Jury Deadlock Ends Terror Trial in Miami
The Liberty City Seven join some dozen other terrorism defendants whose cases have resulted in acquittals and mistrials since Sept. 11.
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Time says that the FBI's reliance on paid informants to tease statements from suspects is a risky strategy that can yield some farcical leads.Skip to next paragraph
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At one point during the Liberty City investigation, Batiste suggested to the informant that they could blow up the Sears Tower so that it would fall into Lake Michigan and create a tsunami. "Where did you get this idea?" Batiste's attorney later asked him on the stand. His answer was believable: "Just from watching the movies."
The Miami Sun-Sentinel says that the government's failure to successfully prosecute this and other terror cases may reflect growing skepticism over the Bush administration's willingness to play up domestic security fears, as well as suspicions that the hunt for terrorists was picking up "big talkers," not hardened operatives.
"The public mood is very different now than it was three or four years ago," said Bruce Winick, a law professor at the University of Miami. "Prosecutors in the past were able very successfully to play the fear card, and I think that has dissipated."
The St. Petersburg Times reports that the Justice Department has suffered several partial or outright defeats in major terrorism cases, while others have resulted in guilty pleas only after the dropping of the most serious charges. It cites a case in Tampa involving funding provided to a Palestinian militant group.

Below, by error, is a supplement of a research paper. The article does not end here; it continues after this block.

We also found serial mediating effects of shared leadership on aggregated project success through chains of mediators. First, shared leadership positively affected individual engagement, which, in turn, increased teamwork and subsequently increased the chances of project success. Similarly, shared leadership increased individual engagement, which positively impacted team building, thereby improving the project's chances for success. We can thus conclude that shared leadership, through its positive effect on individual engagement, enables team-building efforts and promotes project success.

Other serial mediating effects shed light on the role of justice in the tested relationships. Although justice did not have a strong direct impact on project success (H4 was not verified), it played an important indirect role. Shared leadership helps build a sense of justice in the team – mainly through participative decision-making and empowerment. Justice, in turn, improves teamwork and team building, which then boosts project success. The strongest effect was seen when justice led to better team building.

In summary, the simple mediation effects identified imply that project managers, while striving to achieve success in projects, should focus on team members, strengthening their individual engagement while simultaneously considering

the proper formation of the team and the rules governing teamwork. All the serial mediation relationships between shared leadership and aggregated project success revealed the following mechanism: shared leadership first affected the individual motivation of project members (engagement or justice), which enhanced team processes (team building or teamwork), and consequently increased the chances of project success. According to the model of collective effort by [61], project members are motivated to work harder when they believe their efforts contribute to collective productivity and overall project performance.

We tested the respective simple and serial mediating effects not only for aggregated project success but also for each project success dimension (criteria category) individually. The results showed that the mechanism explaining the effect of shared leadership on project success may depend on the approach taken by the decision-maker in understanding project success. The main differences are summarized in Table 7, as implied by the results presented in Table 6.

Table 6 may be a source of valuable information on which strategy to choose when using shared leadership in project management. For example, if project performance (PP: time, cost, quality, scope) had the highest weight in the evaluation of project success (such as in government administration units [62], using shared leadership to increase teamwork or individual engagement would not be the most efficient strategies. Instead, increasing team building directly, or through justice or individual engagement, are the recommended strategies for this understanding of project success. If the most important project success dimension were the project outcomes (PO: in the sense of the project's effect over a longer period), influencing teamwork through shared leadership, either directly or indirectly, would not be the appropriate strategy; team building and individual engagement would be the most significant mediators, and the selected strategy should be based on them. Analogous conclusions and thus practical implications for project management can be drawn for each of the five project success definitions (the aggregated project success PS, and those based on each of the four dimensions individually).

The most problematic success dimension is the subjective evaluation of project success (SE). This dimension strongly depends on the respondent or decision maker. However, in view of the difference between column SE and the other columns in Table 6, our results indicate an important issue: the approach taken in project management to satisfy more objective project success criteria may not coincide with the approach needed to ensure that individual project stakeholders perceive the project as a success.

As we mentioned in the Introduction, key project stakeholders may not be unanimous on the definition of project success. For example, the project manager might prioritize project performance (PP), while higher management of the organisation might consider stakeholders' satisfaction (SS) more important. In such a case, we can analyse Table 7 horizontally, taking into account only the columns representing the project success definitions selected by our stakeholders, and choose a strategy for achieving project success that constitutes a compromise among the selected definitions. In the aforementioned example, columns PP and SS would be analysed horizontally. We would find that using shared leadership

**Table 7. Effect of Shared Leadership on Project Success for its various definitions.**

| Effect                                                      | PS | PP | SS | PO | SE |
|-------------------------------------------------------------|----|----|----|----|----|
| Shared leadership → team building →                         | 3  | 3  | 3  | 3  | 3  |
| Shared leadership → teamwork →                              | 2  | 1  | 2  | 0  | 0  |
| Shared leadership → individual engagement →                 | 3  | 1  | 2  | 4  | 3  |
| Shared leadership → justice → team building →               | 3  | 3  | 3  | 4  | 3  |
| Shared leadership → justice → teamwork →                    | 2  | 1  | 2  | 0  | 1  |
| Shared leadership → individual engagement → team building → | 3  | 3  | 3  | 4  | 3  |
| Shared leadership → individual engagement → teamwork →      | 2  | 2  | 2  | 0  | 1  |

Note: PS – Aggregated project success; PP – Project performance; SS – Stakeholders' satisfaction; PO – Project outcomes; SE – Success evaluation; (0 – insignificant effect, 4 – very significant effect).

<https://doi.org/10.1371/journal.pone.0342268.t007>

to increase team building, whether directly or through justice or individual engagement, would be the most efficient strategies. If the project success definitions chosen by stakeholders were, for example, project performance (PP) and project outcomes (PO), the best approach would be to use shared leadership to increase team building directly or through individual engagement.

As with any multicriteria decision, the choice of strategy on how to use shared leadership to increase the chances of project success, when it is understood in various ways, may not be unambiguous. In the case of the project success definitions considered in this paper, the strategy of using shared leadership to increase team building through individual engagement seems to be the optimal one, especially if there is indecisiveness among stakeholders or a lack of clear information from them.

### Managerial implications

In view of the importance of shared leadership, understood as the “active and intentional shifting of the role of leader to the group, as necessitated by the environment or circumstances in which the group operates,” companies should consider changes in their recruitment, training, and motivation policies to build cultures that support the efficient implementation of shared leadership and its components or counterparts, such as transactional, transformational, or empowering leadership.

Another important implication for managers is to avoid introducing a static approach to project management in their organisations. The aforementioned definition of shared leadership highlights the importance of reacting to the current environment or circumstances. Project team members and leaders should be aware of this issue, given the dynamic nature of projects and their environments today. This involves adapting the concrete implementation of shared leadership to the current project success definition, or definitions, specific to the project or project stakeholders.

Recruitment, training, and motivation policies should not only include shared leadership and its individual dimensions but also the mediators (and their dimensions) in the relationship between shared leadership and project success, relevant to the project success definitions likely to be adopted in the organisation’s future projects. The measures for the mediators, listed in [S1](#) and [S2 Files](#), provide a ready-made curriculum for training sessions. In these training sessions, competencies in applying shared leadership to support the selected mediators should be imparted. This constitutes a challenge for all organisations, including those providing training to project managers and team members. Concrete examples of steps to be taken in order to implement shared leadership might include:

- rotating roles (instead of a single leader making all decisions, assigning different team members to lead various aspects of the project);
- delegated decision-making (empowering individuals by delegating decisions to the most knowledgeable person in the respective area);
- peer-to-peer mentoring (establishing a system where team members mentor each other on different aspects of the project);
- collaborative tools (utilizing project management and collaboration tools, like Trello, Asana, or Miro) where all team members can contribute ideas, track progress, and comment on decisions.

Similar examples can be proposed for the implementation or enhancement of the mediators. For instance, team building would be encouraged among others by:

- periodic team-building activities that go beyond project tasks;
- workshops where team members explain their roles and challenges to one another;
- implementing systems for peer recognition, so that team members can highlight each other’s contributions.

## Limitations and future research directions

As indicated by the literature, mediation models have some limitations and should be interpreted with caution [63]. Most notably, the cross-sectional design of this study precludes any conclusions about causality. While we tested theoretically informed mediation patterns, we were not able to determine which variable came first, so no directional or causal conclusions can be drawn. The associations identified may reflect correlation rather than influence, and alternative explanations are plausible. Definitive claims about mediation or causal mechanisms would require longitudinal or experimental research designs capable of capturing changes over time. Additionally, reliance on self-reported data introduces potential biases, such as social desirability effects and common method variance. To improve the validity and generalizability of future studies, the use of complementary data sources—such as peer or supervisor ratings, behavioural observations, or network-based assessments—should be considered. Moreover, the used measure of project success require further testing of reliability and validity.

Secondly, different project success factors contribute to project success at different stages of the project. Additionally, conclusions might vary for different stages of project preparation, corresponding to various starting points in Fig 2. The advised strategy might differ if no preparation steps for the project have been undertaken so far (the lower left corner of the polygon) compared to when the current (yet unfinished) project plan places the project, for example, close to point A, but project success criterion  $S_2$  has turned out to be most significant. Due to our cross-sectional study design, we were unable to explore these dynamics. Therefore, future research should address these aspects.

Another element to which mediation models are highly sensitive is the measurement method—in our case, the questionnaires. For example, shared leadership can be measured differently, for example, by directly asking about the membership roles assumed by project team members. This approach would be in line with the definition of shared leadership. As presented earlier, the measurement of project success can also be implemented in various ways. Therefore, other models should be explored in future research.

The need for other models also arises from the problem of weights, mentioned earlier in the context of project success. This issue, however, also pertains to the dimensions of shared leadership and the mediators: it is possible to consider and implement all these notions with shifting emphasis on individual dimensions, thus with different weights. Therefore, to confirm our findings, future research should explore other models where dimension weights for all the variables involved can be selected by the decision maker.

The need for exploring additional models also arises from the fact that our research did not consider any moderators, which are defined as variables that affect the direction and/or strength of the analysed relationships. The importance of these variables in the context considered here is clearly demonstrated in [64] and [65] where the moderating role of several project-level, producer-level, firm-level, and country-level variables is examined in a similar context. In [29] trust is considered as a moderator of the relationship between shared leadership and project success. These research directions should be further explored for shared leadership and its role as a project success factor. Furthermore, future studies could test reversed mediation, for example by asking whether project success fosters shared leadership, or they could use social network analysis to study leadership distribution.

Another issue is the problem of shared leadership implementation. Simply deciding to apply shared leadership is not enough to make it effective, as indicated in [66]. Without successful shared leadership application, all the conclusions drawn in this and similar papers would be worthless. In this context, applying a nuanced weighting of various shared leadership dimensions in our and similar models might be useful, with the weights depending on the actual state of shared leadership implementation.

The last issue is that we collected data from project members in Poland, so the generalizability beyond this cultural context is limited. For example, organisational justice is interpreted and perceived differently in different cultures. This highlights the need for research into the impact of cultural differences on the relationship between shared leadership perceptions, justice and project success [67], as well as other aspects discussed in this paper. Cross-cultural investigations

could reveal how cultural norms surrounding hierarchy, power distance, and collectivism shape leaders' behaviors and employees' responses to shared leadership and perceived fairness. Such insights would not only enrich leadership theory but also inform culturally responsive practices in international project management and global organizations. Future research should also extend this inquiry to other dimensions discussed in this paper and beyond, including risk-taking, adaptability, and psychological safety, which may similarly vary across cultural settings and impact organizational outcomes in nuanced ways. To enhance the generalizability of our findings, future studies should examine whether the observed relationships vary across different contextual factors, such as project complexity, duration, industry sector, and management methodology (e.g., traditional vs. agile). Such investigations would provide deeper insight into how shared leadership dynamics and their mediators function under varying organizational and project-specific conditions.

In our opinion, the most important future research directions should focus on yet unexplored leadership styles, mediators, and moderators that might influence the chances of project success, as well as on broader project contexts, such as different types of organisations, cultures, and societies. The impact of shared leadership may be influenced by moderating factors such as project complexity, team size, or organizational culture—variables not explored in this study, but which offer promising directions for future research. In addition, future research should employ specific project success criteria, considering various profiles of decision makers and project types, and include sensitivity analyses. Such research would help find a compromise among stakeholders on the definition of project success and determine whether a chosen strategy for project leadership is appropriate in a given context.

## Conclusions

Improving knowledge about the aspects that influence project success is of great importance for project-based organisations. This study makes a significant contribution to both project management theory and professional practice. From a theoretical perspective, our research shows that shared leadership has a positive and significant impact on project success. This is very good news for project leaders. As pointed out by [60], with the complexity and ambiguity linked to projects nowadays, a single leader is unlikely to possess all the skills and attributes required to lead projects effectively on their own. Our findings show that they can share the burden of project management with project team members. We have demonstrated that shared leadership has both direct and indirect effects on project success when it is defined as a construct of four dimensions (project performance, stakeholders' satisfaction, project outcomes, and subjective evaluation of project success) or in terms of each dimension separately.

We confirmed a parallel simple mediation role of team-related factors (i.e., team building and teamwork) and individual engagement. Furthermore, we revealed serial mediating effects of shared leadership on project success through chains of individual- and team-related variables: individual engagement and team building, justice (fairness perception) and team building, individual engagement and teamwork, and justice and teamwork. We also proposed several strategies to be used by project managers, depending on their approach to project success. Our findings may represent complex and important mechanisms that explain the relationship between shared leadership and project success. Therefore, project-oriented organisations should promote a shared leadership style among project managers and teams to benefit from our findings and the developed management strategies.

With no guilty verdicts, the Liberty City Seven join about a dozen other terrorism defendants around the country who have been prosecuted since the Sept. 11 attacks in costly cases that resulted in acquittals and mistrials. Among those was Sami Al-Arian, who along with three other defendants was charged in Tampa with supporting terrorism. Al-Arian later pleaded guilty to helping a terrorist organization with non-violent activities and was sentenced to 57 months in prison.
Paul Perez, U.S. attorney for the Middle District of Florida where Al-Arian was tried, is now a financial attorney in Jacksonville.
"These terrorism cases are pretty tough for the government to prove and for juries to weigh," he said. "But that's not a reason not to bring them to trial and to retry them if there's a deadlock."
In a recent report, the Miami New Times, an alternative news biweekly, says that two of the FBI informants who posed as Al Qaeda members to penetrate the group had unsavory pasts. One, Abbas al-Saidi, a Yemen national, who provided the initial tip-off to the FBI, was jailed in 2004 on battery charges after beating up his girlfriend. The other, Elie Assad, a Lebanese national, failed a polygraph test while previously working as an informant for the FBI in Chicago.